We let this one sit for a while, truth be told. Sometimes the older Best Picture winners are harder for me to muster excitement over. Cimarron won the Oscar in 1931, and was also one of only a few Westerns to ever win an Academy Award. It focuses on the story of Yancey Cravat, an adventure-seeking man with a past who participates in the Oklahoma Land Rush of 1889. When he fails to grab the piece of land he wants and is outsmarted by a young woman Dixie Lee, he regroups and takes his young bride Sabra and their son Cim (nickname for Cimarron, a word which is also used to refer to the Wild) to Osage. They realize on the way that a black servant from their former home in Kansas has stowed away with them – Isaiah – but they allow him to stay.
Osage terrifies Sabra at first. The town is newly forming, and there is a lot of violence and gambling. She worries about raising their child there, but the family soldiers on. Yancey takes it upon himself to rid the town of its bad element and ends up shooting the outlaw Lon Yountis. He sets up shop with The Osage Wigwam, a town paper, helping the burgeoning area to progress. Yancey is bold and masculine and extroverted, and quickly becomes a local hero. In the midst of this, he and Sabra, who has begun to like Osage, have a second child – a daughter Donna.
The interesting thing about Cimarron is that, central to the story, is not so much a conflict between protagonist and antagonist, but rather the dichotomous tension between the two main characters. The story follows the fictionalized town of Osage as it changes through the passing of time, first as a lawless frontier settlement, then a growing town taking it’s place in the newly founded state of Oklahoma, and finally a modern city. Yancey is a true larger than life personality. He saunters into town literally as it is being built, he founds the church and newspaper and he shoots from the hip to protect the weak from town villains. Not only that, but he is a man of great principle. When propositioned with a scheme to cheat Indian groups, he sacrifices a potential political career by publishing editorials demanding Indians’ rights. Later he defies popular opinion by defending a maligned prostitute. But he also bores easily, disappearing from his family for years at a stretch. If Yancey is the spirit of adventure embodied, Sabra is the spirit of stability, acting as editor of the paper while raising the family during Yancey’s absences. Yancey is ahead of the curve; Sabra gets to the right place- eventually. Together they constitute the Yin and Yang of a society’s progress, the sail and the anchor, so to speak. By the film’s final sequence, in 1929, Sabra has become a pillar of the community, newly elected to the House of Representatives. Yancey has long since drifted on, but she never would have gotten there without him.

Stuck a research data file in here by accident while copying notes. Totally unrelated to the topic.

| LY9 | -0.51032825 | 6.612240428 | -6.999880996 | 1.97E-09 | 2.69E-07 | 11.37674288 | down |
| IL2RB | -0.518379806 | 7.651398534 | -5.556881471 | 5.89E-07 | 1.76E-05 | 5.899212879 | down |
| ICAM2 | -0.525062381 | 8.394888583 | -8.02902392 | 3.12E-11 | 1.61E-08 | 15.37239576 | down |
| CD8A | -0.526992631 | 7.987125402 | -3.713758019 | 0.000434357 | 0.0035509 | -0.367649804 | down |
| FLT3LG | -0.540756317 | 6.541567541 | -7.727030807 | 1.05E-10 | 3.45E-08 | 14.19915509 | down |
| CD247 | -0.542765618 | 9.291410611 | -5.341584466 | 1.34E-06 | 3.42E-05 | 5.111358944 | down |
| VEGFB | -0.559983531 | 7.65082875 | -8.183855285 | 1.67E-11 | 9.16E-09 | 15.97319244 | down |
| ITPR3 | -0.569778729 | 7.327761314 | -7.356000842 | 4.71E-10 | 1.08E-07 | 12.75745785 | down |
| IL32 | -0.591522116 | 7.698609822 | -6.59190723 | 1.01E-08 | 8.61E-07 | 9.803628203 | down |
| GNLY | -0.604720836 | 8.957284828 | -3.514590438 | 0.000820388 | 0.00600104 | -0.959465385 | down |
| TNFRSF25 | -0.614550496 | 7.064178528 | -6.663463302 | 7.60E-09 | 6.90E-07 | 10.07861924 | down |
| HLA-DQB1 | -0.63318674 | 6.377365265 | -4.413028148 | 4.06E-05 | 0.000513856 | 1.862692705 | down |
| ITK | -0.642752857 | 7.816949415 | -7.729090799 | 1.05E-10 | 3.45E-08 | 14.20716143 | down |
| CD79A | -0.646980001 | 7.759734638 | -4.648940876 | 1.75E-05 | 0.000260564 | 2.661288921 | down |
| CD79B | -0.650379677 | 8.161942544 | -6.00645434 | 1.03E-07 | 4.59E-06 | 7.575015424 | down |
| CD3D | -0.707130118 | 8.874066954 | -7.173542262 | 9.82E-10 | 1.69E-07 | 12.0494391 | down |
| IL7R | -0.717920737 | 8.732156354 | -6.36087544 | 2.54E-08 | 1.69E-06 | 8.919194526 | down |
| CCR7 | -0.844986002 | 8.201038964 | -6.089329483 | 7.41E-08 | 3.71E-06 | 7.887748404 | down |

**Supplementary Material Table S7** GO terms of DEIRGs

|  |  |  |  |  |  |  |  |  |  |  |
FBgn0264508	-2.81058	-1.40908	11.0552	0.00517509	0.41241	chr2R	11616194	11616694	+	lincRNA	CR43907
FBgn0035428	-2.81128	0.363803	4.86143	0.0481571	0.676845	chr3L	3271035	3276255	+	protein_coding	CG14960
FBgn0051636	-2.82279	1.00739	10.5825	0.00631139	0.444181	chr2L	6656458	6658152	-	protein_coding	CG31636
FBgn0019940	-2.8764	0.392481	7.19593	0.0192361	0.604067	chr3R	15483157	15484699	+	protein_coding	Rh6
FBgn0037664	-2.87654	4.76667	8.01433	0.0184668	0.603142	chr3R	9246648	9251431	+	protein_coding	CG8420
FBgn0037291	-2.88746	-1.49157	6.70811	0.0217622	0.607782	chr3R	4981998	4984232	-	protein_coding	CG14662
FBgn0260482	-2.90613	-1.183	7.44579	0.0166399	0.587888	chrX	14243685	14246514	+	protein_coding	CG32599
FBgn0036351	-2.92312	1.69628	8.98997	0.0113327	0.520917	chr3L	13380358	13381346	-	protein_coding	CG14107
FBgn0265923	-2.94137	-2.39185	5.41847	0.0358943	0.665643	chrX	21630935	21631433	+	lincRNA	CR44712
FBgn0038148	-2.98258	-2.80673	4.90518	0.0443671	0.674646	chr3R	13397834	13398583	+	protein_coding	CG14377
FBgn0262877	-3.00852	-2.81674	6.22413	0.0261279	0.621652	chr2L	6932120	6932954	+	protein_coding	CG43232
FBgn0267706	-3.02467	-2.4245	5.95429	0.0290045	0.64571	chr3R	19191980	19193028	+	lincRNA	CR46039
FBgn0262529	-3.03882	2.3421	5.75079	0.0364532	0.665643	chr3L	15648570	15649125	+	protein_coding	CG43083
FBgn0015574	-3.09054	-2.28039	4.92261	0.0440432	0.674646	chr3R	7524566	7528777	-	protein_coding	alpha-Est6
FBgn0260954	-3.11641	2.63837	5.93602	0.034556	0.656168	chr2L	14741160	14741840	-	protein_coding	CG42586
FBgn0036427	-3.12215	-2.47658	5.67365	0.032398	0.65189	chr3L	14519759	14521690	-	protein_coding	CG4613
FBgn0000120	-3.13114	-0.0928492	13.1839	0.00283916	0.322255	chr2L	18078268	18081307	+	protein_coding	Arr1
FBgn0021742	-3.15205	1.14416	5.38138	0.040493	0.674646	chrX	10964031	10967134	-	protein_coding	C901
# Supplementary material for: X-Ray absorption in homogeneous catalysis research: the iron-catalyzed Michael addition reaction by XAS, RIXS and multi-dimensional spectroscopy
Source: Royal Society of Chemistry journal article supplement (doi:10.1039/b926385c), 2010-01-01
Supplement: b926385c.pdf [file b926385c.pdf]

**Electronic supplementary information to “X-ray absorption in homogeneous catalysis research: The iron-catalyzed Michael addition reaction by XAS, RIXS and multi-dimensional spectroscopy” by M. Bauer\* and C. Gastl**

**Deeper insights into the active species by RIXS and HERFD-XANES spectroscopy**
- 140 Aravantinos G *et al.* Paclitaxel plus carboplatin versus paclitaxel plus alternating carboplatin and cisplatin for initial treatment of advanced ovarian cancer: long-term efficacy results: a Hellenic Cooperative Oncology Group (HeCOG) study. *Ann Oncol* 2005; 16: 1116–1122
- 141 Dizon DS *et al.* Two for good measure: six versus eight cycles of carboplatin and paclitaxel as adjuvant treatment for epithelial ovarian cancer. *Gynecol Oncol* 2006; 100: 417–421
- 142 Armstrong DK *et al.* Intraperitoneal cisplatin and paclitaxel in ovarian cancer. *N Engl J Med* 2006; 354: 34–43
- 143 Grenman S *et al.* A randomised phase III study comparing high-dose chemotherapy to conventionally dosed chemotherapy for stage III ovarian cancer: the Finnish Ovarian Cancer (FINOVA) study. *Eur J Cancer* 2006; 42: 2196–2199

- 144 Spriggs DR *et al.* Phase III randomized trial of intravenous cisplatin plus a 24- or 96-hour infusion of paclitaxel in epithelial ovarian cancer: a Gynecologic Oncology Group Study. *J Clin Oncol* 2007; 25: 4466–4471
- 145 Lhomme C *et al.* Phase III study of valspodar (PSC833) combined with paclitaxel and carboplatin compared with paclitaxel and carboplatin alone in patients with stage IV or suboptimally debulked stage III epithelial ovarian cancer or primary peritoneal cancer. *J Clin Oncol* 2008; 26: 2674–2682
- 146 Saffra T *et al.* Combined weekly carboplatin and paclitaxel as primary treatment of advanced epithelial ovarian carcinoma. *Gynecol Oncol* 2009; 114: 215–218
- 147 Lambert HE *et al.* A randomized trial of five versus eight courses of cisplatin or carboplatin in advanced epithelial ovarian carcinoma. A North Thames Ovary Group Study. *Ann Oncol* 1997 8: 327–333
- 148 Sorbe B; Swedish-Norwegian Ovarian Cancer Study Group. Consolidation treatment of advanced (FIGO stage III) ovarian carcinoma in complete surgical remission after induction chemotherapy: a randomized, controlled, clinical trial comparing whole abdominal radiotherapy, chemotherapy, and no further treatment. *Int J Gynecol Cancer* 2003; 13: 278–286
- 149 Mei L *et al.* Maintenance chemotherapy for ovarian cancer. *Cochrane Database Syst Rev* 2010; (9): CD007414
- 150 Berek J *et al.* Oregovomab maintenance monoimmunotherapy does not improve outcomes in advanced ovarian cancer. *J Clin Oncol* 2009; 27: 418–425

There are some other things I like about Cimarron. The opening credits are done tableau style wherein rather than a printed list, each actor poses alone and in character, outside the narrative, with the actor and character name shown. I’ve seen this done in earlier silents, but I can’t place it in any talkies (Wes Anderson excepted). I like that Continue reading